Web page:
On the back of a stellar 18 months on tour, and a decision to represent Japan at the now-postponed 2020 Summer Olympics, Naomi Osaka has become the highest-paid women’s athlete—surpassing Serena Williams and Maria Sharapova. Osaka made more than $37 million in earnings in the past 12 months—more than any other female athlete in history. According to Kurt Badenhausen in Forbes:
The decision [to play for Japan] made her an even hotter commodity for Olympic sponsors, like Procter & Gamble, All Nippon Airways and Nissin, which signed endorsement deals with Osaka to use her around marketing for the Games.
2020 Hall of Fame Ceremony postponed
Goran Ivanišević and Conchita Martínez will have to wait one more year to be enshrined into tennis’ Hall of Fame. Ivanišević and Martínez each won a Grand Slam title, Ivanišević in 2001 and Martínez in 1994. The ceremony, which takes place every year in Newport, Rhode Island has been postponed to 2021 due to the coronavirus pandemic.
Novak Djokovic’s real racquet specs in 2016
Gear nerds will already know that professionals rarely—if ever—play with the racquets that they ‘endorse’. In fact, we plan to cover this phenomenon in the next few months with an in-depth article. If you’re curious to see what Djokovic’s actual specs are on his frame, YouTuber Tennis Spin has a video comparing one of the frames Djokovic won the 2016 Australian Open with to a 2020 Head Speed Pro that is available to the general public. In general, pros’ racquets are heftier and heavily customized with lead tape and sometimes silicon. Djokovic’s is no different.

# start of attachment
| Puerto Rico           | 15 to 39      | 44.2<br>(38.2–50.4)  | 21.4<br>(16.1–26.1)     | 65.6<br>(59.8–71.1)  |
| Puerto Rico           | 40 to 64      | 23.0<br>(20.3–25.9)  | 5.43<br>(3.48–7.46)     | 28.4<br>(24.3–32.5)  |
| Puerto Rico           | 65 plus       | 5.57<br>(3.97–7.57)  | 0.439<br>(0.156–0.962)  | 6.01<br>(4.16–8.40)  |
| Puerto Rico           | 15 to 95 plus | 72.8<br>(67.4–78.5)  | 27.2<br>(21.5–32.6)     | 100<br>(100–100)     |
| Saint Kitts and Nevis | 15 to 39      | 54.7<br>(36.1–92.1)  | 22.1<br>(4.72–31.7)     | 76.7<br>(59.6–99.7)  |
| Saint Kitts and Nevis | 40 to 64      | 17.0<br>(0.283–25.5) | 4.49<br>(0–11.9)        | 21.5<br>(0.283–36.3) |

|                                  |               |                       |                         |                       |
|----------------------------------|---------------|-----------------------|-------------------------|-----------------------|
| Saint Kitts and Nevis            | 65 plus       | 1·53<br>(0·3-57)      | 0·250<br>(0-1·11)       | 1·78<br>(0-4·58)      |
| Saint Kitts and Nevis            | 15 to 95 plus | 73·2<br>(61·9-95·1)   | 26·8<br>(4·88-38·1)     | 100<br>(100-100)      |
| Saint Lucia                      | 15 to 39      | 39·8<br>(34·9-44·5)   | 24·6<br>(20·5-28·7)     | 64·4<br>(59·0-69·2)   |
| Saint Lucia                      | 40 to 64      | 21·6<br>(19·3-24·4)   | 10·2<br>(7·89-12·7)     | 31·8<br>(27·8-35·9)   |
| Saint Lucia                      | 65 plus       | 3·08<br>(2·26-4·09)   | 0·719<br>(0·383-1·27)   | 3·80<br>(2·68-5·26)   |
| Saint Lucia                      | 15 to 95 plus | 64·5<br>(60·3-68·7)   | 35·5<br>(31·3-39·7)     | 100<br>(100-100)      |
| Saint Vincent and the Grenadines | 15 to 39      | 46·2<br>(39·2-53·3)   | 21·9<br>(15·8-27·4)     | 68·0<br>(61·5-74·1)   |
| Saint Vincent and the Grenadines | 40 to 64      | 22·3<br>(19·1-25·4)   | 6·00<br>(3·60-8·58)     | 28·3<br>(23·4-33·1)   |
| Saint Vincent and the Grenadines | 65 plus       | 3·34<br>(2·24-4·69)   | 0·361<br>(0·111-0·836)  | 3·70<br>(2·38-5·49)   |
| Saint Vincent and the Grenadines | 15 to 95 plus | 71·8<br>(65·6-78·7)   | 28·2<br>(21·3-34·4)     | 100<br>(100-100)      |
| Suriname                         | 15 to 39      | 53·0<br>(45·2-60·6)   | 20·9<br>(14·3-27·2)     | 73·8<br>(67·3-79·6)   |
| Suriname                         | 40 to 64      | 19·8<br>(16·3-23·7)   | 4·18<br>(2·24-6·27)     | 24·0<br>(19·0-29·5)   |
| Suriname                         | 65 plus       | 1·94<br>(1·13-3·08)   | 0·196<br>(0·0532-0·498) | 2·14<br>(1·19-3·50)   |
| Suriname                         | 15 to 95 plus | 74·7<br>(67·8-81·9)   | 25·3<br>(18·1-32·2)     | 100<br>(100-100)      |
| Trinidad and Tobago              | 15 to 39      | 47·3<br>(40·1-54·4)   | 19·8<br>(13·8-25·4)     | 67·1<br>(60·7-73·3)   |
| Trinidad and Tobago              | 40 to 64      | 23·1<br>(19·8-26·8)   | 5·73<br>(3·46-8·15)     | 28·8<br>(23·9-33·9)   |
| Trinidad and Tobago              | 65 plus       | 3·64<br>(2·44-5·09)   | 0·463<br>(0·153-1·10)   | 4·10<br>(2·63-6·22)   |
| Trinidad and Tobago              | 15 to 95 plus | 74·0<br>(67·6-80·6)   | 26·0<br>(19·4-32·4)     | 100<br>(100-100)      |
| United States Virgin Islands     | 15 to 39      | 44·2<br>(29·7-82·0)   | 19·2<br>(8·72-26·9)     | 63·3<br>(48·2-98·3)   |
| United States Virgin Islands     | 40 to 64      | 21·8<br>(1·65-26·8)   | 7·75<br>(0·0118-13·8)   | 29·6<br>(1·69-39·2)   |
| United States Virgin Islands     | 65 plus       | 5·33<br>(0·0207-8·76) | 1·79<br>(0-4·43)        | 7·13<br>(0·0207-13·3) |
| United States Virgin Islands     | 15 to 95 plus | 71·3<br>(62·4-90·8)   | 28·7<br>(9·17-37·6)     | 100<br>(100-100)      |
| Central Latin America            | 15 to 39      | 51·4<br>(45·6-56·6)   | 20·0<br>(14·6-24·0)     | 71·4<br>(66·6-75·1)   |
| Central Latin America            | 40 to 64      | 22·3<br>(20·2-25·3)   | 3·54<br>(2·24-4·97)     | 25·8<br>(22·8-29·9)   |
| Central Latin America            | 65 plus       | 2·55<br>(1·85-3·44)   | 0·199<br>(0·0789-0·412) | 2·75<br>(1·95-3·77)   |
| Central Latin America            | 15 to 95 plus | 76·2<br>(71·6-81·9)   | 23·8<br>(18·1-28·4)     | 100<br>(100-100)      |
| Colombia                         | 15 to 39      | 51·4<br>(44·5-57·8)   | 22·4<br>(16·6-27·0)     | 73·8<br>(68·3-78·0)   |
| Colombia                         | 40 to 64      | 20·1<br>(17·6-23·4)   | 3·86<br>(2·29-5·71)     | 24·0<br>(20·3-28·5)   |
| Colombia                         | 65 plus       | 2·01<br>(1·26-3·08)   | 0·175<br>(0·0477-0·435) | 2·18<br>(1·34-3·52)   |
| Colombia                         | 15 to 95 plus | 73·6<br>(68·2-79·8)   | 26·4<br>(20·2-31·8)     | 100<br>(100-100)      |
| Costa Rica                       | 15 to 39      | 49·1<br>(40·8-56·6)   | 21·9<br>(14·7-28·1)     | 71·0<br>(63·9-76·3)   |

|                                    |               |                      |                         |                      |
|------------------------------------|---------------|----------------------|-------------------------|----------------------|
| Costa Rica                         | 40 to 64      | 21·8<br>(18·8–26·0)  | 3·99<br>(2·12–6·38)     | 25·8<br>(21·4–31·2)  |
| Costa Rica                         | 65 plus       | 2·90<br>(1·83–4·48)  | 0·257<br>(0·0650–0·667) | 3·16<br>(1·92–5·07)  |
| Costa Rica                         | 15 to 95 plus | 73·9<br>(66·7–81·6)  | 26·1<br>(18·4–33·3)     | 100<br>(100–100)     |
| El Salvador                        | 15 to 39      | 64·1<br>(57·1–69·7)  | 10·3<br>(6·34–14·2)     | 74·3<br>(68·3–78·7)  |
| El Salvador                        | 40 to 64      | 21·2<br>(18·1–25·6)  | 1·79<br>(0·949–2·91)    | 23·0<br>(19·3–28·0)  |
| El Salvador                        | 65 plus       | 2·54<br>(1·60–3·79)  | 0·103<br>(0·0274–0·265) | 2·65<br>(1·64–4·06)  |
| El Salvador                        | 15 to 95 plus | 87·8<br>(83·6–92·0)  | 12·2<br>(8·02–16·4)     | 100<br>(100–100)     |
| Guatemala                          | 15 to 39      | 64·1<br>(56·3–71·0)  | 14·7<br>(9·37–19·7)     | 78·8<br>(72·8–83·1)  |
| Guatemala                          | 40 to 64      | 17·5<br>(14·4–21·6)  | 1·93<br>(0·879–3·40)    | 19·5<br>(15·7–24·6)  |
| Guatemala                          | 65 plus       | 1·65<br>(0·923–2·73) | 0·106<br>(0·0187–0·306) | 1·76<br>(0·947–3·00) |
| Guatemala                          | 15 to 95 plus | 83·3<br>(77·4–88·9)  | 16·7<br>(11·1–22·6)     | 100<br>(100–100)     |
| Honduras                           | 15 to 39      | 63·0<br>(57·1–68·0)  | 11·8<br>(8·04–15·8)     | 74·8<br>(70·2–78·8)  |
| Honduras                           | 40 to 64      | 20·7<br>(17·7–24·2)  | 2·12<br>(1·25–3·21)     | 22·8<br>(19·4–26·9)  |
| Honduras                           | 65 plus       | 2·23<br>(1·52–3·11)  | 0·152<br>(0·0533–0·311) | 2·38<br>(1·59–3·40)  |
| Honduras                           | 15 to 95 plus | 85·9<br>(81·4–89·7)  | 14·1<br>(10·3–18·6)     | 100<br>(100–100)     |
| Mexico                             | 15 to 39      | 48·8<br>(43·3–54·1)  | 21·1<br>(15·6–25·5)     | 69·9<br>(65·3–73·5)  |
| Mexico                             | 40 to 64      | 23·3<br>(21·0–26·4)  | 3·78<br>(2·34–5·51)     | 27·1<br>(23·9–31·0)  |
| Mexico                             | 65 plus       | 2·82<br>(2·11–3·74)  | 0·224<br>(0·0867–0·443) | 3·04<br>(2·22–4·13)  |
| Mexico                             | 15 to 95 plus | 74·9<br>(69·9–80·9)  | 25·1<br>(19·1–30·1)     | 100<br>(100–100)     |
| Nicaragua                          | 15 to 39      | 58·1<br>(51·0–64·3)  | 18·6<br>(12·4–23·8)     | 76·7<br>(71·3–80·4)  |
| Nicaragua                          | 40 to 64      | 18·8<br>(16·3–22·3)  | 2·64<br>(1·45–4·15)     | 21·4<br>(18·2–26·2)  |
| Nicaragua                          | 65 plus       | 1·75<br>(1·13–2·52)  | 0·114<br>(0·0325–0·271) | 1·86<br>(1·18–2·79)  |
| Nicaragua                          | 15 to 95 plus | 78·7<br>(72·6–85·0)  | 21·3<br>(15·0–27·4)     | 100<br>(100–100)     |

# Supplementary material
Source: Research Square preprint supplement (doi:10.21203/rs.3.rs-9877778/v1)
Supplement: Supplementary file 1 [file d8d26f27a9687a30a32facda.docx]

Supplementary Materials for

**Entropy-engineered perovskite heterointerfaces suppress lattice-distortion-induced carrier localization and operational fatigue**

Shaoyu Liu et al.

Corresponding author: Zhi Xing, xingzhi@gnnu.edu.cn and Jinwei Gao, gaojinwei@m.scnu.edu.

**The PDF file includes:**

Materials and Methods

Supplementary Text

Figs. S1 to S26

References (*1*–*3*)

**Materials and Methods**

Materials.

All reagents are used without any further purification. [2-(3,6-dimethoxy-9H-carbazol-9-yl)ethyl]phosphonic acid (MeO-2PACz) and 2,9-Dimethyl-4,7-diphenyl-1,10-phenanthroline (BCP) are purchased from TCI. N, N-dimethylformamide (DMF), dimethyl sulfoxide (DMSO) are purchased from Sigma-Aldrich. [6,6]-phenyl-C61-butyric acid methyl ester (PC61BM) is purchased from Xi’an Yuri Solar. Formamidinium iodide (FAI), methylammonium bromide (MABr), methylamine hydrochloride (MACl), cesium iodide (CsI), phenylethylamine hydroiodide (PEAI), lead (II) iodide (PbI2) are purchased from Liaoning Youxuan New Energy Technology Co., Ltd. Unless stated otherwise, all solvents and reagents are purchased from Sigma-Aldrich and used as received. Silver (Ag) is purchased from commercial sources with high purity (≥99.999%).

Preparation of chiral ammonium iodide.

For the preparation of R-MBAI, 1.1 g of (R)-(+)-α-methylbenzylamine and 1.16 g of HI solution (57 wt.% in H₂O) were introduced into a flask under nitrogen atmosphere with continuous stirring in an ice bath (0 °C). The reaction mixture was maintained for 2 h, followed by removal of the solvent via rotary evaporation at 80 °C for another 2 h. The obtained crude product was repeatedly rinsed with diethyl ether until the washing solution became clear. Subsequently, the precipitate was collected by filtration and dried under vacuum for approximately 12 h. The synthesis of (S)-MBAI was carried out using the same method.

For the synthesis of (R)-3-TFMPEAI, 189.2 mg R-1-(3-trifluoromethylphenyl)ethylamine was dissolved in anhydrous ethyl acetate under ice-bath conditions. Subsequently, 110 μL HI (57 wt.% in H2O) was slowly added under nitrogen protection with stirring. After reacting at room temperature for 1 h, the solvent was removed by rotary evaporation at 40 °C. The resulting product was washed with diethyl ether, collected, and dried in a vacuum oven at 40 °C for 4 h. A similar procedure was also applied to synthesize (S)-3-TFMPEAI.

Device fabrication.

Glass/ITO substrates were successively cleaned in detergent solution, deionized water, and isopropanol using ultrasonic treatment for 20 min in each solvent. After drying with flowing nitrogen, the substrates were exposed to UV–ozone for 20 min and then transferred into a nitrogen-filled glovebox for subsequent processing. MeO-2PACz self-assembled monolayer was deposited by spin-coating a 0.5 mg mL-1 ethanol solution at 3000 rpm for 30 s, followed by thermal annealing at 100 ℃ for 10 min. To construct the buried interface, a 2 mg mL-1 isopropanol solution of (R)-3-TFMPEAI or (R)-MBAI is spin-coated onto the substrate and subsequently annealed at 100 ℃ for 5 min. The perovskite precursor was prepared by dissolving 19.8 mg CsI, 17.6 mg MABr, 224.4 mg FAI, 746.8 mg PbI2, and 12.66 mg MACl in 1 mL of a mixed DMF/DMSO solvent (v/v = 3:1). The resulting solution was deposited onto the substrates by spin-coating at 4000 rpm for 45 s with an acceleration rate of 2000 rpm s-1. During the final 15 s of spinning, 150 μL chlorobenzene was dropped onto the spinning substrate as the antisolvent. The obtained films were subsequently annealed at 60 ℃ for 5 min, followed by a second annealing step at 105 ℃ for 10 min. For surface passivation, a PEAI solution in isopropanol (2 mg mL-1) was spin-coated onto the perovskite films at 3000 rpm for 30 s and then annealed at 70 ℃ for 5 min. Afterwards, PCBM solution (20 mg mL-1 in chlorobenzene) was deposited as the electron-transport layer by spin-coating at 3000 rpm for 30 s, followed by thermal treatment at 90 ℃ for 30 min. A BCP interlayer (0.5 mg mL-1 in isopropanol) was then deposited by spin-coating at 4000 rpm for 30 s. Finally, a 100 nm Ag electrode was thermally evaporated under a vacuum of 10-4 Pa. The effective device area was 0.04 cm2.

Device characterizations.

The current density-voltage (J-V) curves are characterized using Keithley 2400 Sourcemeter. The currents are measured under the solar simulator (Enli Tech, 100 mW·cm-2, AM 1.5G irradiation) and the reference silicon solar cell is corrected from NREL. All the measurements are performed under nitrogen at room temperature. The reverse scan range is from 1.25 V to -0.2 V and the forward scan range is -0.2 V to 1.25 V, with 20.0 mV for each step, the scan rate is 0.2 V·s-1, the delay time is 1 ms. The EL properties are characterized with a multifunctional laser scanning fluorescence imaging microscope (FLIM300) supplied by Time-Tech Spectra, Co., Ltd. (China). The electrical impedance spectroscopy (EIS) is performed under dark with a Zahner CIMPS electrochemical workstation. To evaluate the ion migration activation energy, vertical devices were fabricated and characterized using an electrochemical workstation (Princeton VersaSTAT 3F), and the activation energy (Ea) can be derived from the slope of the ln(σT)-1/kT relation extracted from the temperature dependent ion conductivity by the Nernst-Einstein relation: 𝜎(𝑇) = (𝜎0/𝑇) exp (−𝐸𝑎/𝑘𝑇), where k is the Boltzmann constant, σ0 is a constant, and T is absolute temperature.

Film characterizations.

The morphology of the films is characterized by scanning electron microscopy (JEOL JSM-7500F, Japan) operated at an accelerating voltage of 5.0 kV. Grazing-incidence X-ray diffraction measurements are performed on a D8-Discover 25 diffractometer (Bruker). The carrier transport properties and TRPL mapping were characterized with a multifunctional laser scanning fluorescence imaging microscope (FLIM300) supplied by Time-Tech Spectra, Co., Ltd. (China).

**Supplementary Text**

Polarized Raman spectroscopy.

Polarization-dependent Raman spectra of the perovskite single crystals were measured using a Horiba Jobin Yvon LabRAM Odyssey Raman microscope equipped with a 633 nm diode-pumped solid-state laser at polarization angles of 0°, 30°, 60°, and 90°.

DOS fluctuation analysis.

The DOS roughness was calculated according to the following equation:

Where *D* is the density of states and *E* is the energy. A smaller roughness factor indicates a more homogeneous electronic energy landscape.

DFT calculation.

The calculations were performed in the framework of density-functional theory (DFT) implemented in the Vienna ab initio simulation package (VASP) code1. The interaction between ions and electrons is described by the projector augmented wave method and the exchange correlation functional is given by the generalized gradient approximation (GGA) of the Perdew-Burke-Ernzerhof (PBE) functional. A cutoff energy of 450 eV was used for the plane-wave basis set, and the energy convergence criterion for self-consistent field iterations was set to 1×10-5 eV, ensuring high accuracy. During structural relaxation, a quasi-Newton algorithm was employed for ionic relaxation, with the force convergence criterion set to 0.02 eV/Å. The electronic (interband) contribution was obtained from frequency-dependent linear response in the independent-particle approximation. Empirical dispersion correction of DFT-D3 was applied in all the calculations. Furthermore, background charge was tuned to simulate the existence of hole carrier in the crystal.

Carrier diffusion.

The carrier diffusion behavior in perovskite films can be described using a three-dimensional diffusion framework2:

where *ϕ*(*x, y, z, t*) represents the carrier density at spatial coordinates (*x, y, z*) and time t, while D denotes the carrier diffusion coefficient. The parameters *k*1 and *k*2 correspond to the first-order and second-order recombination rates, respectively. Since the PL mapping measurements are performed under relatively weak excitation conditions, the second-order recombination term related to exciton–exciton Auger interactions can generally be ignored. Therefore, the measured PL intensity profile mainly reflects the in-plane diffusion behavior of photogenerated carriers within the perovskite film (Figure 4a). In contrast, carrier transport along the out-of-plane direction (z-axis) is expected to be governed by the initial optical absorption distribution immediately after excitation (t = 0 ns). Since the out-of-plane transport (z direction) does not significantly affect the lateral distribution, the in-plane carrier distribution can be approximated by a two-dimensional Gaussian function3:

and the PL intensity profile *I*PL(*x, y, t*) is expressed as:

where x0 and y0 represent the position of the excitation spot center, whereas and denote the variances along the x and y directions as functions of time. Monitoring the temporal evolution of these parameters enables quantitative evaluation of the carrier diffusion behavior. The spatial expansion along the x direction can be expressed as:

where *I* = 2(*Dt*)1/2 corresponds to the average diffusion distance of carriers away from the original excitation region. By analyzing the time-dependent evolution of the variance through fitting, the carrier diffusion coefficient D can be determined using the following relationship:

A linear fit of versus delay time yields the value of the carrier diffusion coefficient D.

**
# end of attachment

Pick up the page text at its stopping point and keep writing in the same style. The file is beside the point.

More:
The racquet that Djokovic uses today is supposedly different from the one he used in 2016, but the comparison by Tennis Spin provides a general insight into the types of frames used by professionals.
If you already know what Static Weight and Swingweight are, you can skip the below definitions, which are provided by Tennis Warehouse University, and head straight down to see the differences.
Static [w]eight is the resistance to movement in a straight line. Lifting is an example. The racquet resists (does not move) your lifting efforts until you pull with a force equal to its weight.
Swingweight is the resistance to movement in a circle. Circular motion (as in most stages of a tennis swing) occurs around a center or rotation, let’s say the butt end of the handle. When you apply equal forces to the handles of two racquets with different swingweights, the racquet with the higher swingweight will accelerate less and rotate less quickly around the center of the circle. The lower swingweight racquet will accelerate more quickly. In other words, higher swingweight means less maneuverability, and lower swingweight means more.
2020 Head Graphene 360+Speed Pro specs (with two overgrips and a shock absorber)
Static Weight: 342.5 grams
Swingweight: 333 grams
Novak’s actual specs
Static Weight: 358.5 grams
Swingweight: 369 grams
Unsurprisingly, Djokovic’s Static Weight and Swingweight for his frame far exceed that of the model available to the public.